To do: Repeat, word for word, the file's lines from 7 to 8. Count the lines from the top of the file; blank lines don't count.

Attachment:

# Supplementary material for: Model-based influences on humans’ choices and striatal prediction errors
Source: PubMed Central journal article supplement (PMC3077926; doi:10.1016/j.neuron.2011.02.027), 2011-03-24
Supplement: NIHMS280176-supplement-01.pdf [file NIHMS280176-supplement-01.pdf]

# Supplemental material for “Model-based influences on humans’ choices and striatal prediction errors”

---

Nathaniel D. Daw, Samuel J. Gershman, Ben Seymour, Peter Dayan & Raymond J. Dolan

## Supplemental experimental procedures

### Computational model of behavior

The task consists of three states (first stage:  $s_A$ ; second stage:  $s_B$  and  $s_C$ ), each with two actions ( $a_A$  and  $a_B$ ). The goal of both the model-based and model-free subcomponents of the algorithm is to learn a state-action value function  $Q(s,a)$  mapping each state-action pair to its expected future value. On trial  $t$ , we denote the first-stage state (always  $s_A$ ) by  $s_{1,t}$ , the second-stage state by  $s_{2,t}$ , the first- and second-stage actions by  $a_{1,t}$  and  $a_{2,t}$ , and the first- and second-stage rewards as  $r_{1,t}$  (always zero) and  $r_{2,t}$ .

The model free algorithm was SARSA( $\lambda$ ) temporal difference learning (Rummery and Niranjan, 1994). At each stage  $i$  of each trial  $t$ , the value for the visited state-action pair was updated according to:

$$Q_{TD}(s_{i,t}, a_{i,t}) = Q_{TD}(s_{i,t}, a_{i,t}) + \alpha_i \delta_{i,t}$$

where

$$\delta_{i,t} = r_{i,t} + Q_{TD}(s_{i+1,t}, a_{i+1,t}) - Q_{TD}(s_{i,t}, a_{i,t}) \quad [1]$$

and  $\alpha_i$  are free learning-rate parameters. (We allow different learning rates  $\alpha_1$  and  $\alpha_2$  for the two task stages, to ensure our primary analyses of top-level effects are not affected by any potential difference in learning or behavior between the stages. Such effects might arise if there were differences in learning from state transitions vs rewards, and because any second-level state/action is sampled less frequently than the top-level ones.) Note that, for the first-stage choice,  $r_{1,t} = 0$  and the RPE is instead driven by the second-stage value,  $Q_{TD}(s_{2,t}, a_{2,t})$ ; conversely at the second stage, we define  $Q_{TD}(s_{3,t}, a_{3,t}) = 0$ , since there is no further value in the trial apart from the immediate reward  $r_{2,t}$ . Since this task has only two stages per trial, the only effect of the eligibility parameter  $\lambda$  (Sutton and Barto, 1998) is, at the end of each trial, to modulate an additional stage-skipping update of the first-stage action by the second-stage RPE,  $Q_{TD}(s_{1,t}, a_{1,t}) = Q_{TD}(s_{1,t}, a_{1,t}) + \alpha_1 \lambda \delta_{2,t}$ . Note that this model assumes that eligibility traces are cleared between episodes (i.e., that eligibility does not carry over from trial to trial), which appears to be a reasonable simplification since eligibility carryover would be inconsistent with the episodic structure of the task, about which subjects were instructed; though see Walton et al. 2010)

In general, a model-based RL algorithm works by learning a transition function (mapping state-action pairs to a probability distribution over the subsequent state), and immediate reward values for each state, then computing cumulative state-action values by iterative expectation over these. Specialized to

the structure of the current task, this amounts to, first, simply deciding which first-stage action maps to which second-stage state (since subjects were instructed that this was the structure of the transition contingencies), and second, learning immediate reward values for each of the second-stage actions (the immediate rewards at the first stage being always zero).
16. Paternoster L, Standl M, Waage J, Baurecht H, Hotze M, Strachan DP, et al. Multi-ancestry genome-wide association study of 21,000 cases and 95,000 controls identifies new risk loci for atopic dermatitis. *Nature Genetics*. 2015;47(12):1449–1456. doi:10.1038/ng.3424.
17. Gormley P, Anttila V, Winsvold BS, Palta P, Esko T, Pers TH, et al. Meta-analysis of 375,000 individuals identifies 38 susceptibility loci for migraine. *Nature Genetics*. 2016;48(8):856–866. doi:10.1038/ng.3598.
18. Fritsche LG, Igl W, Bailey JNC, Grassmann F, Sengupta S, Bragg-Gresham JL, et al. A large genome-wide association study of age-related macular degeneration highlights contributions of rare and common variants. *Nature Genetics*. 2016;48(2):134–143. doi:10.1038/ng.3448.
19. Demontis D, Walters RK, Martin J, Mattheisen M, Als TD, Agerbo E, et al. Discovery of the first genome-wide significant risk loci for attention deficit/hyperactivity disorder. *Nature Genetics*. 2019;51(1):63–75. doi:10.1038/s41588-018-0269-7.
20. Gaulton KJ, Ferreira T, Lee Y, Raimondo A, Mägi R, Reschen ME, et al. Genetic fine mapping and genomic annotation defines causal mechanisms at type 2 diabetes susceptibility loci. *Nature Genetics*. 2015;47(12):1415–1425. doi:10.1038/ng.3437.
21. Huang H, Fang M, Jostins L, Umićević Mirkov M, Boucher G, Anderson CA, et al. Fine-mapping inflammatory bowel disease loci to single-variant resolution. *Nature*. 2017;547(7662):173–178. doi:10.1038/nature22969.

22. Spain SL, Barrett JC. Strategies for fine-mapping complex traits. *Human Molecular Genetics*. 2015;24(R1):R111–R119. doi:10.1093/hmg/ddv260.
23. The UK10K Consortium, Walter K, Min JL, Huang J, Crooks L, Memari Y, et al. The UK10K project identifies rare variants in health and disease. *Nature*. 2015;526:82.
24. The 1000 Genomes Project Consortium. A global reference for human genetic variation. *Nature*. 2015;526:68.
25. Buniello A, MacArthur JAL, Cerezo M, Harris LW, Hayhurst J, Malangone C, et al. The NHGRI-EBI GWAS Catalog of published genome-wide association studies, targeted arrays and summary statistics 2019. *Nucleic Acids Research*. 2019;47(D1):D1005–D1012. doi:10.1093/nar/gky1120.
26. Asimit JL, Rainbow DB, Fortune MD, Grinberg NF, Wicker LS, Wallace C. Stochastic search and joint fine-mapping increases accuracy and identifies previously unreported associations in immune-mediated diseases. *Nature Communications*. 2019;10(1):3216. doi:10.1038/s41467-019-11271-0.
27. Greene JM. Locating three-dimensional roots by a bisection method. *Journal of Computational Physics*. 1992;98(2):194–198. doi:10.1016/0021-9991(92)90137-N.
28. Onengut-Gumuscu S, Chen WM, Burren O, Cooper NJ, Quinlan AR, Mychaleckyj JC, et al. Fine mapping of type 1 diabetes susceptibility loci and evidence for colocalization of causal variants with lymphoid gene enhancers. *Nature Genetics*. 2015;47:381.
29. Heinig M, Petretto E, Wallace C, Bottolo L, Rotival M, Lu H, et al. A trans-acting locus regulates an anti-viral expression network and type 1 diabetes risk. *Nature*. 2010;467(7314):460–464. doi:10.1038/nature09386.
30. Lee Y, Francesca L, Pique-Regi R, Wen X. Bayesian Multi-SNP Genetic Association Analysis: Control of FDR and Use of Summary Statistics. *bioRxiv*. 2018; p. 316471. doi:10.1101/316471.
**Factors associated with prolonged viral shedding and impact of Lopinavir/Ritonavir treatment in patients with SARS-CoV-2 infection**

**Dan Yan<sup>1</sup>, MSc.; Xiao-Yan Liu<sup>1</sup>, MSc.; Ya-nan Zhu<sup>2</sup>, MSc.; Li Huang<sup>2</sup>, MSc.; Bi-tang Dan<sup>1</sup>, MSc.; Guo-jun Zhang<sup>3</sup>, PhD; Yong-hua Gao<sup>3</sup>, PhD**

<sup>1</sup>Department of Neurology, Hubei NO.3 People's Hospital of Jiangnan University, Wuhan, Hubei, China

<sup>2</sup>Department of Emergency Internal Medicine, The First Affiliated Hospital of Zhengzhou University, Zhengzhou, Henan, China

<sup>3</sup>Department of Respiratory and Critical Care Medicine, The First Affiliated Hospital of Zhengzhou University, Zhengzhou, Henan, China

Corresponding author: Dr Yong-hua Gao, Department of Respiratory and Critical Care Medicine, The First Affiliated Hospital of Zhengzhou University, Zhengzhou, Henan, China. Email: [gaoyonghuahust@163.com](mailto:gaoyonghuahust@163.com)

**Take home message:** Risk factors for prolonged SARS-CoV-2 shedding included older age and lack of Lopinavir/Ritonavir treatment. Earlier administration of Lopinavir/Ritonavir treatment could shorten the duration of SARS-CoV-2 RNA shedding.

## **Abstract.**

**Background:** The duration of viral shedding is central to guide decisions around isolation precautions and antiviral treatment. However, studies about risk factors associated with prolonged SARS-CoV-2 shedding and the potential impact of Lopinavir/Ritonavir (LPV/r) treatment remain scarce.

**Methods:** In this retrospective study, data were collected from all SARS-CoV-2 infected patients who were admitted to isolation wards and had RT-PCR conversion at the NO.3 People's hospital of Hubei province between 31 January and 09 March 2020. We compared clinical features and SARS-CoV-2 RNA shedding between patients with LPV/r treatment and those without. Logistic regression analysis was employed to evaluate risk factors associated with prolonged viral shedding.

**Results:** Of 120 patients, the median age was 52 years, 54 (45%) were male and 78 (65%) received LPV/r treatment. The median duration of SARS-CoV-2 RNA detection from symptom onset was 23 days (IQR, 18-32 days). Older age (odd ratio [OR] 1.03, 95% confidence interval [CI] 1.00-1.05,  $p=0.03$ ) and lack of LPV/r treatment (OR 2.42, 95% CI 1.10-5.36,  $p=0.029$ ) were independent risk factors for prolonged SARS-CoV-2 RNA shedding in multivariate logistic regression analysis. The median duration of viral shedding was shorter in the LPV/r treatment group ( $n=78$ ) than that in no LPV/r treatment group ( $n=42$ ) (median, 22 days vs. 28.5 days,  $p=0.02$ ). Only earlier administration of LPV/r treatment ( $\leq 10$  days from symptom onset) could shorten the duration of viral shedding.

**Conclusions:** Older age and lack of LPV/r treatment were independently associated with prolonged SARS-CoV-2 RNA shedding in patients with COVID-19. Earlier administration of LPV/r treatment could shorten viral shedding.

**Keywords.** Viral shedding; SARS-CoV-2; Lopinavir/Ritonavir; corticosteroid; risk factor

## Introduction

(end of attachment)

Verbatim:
## Supplemental experimental procedures

### Computational model of behavior